Even those stations that stayed nominally Top 40 became, in many cases, Rock/AC hybrids. Occasionally, a WHYI (Y100) Miami, WXKS-FM (Kiss 108) Boston, KFRC San Francisco, or WZGC (Z93) Atlanta would play all the hits, including R&B crossovers. Many others set the parameters as Billy Squier on the hard end, and Air Supply at the other. And if you had an act like Toto that fit in to both food groups (or a power ballad from Journey or Styx), well, that was even better.

Rock radio, meanwhile, was getting harder and a lot more insular. Three years earlier, the format had been just as much about Fleetwood Mac and the Eagles as Ted Nugent and Lynyrd Skynyrd. By 1980, stations like WCOZ Boston and WLUP Chicago had ushered in an era of “Kickass Rock ‘N’ Roll,” to quote one much-used liner of the time. And the success of Doubleday’s heavily researched KWK St. Louis and WLLZ Detroit helped shift a once-artist-driven format to one more dependent on one-off turntable hits.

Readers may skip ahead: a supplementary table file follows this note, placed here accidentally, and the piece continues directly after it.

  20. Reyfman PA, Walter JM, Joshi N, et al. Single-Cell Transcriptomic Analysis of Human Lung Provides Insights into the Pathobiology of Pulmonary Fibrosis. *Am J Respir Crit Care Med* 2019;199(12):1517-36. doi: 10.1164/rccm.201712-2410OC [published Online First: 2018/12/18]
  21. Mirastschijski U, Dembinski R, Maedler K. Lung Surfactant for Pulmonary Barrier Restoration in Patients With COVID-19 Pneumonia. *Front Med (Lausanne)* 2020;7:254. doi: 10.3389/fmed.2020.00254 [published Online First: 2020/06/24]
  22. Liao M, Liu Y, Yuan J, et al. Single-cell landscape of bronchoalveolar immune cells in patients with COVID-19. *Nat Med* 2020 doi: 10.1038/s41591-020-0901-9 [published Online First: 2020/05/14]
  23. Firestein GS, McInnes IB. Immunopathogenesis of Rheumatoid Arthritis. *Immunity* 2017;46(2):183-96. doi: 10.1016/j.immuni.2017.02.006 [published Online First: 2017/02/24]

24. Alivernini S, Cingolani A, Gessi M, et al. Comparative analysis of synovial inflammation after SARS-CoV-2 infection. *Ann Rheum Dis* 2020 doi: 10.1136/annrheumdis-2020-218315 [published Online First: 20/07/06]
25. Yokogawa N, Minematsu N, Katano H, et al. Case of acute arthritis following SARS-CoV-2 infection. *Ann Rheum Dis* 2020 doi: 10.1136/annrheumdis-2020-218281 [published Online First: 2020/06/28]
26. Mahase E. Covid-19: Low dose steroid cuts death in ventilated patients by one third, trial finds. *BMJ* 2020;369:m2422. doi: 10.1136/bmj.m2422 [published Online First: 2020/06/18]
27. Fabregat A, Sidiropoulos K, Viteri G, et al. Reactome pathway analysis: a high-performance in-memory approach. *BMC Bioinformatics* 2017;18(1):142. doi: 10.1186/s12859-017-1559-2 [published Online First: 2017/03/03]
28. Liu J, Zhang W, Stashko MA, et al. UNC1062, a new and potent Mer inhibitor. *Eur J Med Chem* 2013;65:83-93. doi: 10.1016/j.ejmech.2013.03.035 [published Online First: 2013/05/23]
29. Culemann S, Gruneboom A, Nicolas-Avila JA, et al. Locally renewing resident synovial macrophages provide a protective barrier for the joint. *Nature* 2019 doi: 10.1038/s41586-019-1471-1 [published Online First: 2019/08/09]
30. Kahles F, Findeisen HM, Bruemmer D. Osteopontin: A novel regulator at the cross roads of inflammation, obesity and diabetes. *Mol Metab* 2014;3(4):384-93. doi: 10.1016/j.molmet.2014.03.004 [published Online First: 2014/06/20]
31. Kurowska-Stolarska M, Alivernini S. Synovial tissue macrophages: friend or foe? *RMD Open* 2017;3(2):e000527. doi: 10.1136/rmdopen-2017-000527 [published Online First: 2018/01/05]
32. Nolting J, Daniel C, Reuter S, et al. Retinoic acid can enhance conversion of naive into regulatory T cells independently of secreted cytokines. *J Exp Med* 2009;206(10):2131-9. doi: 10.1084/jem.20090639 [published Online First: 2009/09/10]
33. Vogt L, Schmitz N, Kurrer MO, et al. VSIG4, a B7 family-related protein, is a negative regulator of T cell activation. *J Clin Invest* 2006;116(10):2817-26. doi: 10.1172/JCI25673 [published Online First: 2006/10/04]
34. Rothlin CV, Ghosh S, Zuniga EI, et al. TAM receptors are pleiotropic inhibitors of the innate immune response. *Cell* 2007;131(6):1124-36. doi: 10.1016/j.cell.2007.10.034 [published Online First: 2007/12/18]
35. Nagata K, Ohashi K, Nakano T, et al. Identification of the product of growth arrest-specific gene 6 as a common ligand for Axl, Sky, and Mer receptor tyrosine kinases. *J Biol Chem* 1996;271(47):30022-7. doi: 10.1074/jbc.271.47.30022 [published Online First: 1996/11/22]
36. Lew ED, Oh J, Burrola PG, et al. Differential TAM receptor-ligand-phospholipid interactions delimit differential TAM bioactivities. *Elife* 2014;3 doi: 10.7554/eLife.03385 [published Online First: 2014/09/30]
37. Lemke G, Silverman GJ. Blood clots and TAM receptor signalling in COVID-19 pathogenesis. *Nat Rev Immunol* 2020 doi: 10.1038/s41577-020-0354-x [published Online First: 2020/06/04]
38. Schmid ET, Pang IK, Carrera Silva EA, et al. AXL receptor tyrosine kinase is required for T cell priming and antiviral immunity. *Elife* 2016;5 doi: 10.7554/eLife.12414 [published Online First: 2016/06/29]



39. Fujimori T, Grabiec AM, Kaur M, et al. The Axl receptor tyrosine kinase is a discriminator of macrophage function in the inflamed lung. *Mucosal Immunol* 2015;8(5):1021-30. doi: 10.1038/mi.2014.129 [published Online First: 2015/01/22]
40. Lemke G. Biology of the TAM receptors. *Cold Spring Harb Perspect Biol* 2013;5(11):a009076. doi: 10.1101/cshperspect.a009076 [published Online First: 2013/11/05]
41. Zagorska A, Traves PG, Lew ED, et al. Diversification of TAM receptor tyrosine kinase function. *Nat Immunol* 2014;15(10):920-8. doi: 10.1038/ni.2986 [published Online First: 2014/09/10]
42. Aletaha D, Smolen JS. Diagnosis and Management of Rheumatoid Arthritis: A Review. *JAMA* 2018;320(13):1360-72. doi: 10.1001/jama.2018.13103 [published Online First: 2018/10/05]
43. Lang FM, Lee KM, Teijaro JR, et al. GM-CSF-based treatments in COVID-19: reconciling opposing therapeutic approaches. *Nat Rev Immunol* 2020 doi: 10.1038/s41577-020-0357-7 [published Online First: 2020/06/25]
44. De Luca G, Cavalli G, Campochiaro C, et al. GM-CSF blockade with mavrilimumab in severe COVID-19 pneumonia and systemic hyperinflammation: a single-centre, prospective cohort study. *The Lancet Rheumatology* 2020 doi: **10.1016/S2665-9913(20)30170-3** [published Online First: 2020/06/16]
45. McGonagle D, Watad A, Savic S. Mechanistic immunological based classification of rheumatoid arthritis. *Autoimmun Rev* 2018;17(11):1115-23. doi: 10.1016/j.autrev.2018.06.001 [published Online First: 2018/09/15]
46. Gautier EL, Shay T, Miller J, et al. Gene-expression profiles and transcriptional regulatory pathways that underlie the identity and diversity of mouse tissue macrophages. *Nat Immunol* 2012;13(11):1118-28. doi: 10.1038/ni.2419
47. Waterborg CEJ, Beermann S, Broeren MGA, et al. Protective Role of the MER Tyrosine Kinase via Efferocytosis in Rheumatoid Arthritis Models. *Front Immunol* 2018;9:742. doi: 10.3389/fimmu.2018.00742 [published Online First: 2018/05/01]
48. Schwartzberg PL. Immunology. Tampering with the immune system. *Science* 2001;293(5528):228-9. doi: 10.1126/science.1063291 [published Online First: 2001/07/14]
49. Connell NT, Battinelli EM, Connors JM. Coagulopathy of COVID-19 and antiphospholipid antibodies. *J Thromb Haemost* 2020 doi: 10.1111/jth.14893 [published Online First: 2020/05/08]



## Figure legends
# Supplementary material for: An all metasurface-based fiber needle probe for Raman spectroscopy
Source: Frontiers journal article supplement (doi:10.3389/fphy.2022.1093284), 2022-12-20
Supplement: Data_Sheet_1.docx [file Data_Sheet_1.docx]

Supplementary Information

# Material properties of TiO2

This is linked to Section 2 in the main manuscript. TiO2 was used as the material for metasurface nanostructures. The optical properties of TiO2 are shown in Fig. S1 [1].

If you’d grown up with Led Zeppelin and Pink Floyd in AOR’s first generation, the corporate rock of the early ‘80s already represented the doldrums. But if you were 18 at the time, you didn’t know you weren’t supposed to like Pat Benatar and Journey. And if you were an 18-year-old female, it was probably your hit music. Corporate rock was hardly the only music that mattered in 1980-81. But back then, Rick James and the Gap Band were relegated to Urban radio. Songs like “I Got You” by Split Enz or “What I Like About You” by the Romantics got only a relative smattering of airplay. And in an era marked by soft pop from Christopher Cross and Paul Davis, who wouldn’t gravitate to 38 Special and Loverboy instead?